The terms machine learning and AI are scattered about liberally at the moment, simultaneously the answer to all our prayers as well as a potential future threat to mankind.
Think SkyNet (forgive me, like many data scientists, I’m a sci-fi fan).
The truth is a bit more prosaic. But first, there’s a difference between machine learning and AI. With machine learning a machine, typically software, learns a task which it can perform repetitively and mechanically without error. These tasks tend to fall into one of the three Ds – dirty, dull or dangerous.
True AI on the other hand is more clever. Here the machine transfers its knowledge of one task to learn another, and another – generating more and more value from the data it’s analysing.
The application of AI to the huge data sets being created by the water industry is one of the central tenets of systems thinking. Like many sectors, water companies find themselves data rich thanks to massive investment in real-time monitors and alarm systems across vast networks of assets. The problem is that sifting through and extracting value from that data is incredibly hard for human beings to do.
In the case of leakage, companies are being challenged to make the next great leap in performance but, despite huge investment in monitoring, the process remains frustratingly manual and error prone.
This is where AI comes in. The manual task of listening to noise files is subjective and easy to get wrong. We realised there was an opportunity, with ample access to a data set, to do a cluster analysis and evolve new modelling technology to identify the real leaks.
Typically, noise graphs are shown in two dimensions as frequency over time. But in reality, the frequency profile of a noise is a lot more complex and interesting. Working with United Utilities, as part of its Innovation Lab, we took lots of files, which had been physically verified as either a leak or not, and pre-processed them to create a multi-dimensional graph with each as a point plotted in virtual space.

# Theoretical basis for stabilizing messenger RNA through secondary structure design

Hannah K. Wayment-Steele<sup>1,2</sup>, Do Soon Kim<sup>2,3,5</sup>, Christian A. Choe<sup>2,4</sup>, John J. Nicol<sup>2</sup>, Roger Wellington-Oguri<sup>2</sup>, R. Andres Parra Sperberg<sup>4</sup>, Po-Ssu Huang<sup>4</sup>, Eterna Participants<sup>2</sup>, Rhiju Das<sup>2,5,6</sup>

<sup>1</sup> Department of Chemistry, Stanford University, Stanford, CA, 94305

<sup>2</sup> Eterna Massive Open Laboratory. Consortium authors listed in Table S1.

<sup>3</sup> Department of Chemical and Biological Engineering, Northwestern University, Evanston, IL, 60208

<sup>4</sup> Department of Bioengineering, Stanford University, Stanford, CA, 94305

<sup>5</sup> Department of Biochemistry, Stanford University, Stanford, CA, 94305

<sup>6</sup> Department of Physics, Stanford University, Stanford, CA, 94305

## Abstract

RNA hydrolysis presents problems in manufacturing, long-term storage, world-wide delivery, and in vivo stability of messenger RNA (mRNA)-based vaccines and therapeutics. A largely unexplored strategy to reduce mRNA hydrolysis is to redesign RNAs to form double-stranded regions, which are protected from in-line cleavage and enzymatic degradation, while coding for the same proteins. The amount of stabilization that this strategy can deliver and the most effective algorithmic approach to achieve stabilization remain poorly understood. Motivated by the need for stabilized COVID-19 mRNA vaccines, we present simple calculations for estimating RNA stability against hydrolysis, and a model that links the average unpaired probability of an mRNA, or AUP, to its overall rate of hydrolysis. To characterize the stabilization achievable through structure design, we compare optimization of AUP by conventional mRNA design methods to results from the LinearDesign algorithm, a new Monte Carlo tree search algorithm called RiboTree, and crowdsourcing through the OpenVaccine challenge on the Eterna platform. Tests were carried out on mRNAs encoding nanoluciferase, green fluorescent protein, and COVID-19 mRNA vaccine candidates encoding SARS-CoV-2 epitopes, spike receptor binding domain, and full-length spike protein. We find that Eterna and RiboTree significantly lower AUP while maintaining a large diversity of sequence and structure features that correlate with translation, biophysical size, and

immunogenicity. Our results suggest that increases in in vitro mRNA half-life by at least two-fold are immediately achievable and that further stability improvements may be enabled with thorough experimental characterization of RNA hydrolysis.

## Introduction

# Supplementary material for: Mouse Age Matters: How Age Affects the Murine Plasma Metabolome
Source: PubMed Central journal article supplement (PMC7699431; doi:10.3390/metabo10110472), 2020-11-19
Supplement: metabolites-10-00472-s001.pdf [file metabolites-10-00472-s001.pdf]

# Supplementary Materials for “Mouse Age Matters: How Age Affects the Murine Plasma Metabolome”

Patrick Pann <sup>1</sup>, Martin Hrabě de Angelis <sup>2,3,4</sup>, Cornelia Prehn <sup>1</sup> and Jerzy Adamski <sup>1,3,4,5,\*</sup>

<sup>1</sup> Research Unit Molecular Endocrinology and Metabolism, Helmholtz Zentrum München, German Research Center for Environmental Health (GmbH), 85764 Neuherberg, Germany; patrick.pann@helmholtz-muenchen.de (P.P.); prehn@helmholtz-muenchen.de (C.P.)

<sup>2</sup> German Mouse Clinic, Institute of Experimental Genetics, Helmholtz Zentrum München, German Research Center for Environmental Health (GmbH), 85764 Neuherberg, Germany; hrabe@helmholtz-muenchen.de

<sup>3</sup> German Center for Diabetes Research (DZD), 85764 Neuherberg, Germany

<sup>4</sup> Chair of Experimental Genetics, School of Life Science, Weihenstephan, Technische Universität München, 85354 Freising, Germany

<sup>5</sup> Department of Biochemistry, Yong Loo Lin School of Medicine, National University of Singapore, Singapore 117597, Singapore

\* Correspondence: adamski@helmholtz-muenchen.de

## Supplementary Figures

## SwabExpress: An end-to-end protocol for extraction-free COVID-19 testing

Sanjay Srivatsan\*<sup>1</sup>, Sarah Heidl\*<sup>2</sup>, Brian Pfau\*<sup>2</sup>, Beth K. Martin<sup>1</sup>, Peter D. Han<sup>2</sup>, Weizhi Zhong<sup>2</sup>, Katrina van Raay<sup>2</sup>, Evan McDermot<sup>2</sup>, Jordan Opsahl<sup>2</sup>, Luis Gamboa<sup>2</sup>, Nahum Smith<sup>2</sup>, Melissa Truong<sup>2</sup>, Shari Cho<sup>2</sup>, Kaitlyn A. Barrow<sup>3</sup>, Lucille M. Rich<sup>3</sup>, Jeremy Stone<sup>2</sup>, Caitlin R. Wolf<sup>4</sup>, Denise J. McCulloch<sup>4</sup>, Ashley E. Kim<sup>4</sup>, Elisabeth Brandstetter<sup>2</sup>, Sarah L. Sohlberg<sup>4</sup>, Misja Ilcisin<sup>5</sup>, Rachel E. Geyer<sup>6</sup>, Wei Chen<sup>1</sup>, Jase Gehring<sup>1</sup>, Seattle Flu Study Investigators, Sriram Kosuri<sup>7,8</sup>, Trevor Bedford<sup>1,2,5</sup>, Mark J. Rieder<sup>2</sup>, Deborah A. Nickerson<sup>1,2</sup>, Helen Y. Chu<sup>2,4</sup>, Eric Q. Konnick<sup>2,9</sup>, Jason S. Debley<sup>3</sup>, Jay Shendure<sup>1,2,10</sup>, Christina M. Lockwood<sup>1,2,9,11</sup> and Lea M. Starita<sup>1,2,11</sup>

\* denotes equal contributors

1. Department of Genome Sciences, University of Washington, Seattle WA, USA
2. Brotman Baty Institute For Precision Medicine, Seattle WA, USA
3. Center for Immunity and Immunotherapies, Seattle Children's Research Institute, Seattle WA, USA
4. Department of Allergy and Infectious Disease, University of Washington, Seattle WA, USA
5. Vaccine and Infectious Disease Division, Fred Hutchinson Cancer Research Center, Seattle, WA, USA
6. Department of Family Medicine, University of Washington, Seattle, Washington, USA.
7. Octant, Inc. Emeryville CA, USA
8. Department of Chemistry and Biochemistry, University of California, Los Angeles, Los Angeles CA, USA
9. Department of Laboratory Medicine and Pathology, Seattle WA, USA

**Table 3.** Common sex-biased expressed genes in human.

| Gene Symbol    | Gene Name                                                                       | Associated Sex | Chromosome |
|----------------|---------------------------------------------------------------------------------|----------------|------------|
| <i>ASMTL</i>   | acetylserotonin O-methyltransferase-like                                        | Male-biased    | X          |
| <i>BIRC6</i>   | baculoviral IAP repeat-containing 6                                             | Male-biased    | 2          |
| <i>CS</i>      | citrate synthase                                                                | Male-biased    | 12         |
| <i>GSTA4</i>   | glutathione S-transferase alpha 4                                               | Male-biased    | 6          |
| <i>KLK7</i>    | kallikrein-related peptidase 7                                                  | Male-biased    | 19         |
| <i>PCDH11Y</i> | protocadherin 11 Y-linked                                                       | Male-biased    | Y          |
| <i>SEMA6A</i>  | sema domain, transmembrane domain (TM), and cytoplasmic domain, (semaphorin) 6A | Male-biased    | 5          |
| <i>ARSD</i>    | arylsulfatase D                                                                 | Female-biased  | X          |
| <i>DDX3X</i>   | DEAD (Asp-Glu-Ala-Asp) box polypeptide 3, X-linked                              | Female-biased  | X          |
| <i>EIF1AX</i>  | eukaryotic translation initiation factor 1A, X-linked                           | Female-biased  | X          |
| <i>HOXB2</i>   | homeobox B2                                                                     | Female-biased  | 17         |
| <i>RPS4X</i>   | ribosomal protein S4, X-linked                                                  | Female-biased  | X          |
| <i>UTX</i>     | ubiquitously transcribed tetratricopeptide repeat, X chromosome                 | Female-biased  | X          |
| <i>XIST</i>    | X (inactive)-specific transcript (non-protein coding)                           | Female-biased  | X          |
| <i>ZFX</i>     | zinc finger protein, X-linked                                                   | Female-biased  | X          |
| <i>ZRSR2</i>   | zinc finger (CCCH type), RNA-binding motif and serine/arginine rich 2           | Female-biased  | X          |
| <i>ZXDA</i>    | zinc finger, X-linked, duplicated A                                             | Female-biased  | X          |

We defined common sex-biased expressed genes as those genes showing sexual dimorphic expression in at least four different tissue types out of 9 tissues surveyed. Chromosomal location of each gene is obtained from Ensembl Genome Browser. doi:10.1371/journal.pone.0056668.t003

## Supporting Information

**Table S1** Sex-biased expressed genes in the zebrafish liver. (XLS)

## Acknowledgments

After much experimentation with cutting edge mathematical techniques, true leak signatures eventually clustered in the same part of the virtual space. This was a recognisable pattern, and Fido AI was born. As more and more verified data was entered into Fido’s neural network (or algorithms – it’s all right to interchange those terms), the AI got more and more accurate. Until, finally it was able to analyse even unverified sounds and, by recognising the features, get its decision right more than 90 per cent of the time. It really doesn’t matter where the noise comes from. Any sensor type will do just as well.
In research, when we asked experienced leakage analysts to listen to the verified files, they only agreed 60 per cent of the time. That means that about 40 per cent of files are difficult for humans to identify. And that’s very experienced analysts with 30+ years of proven expertise. With new members of staff the error rating is even higher.
But that was just the start. Now Fido could learn, we could train it to recognise other patterns. First was leak size. We did this by matching specific Fido analysed leak files with the corresponding reduction in water flow in the network when the leaks were repaired. The AI began to recognise new clusters of noise and kinetic data points linked to the size of the leak.
With enough verified data, Fido was soon correctly predicting leak size more than 90 per cent of the time. It no longer needs to flow data to confirm it.
It’s hard to say where the noise of this breakthrough has been loudest – in the pipes, or in the water industry itself. Knowing your largest leaks transforms resource prioritisation towards the ones that matter – the largest – cutting leak run time and water loss.
The next goal is to turn individual leaks into data intelligence assets and use them to help predict and even prevent future leaks. It’s not far away. Fido’s complex multi-relationship model stores the knowledge about leak behaviour, pipe material, ground conditions, temperature and pressure from the information it gleans from things like sensor files, flow data, even the dig team, to spot trends. This important data is usually too fragmented to be useful and overlooked once a leak is repaired. By capturing and persisting that data – things like what behaviour did the leak present, what caused it – Fido can analyse patterns to work out where it came from and therefore predict it.
We’ll soon also be able to identify accurate leak location between sensor points and even tell material type and pipe contents – all by learning to identify cluster patterns in leak sound files. This gives Fido applications beyond the water industry too. That’s the power of true AI. Dirty, yes. Dangerous, yes. But never dull.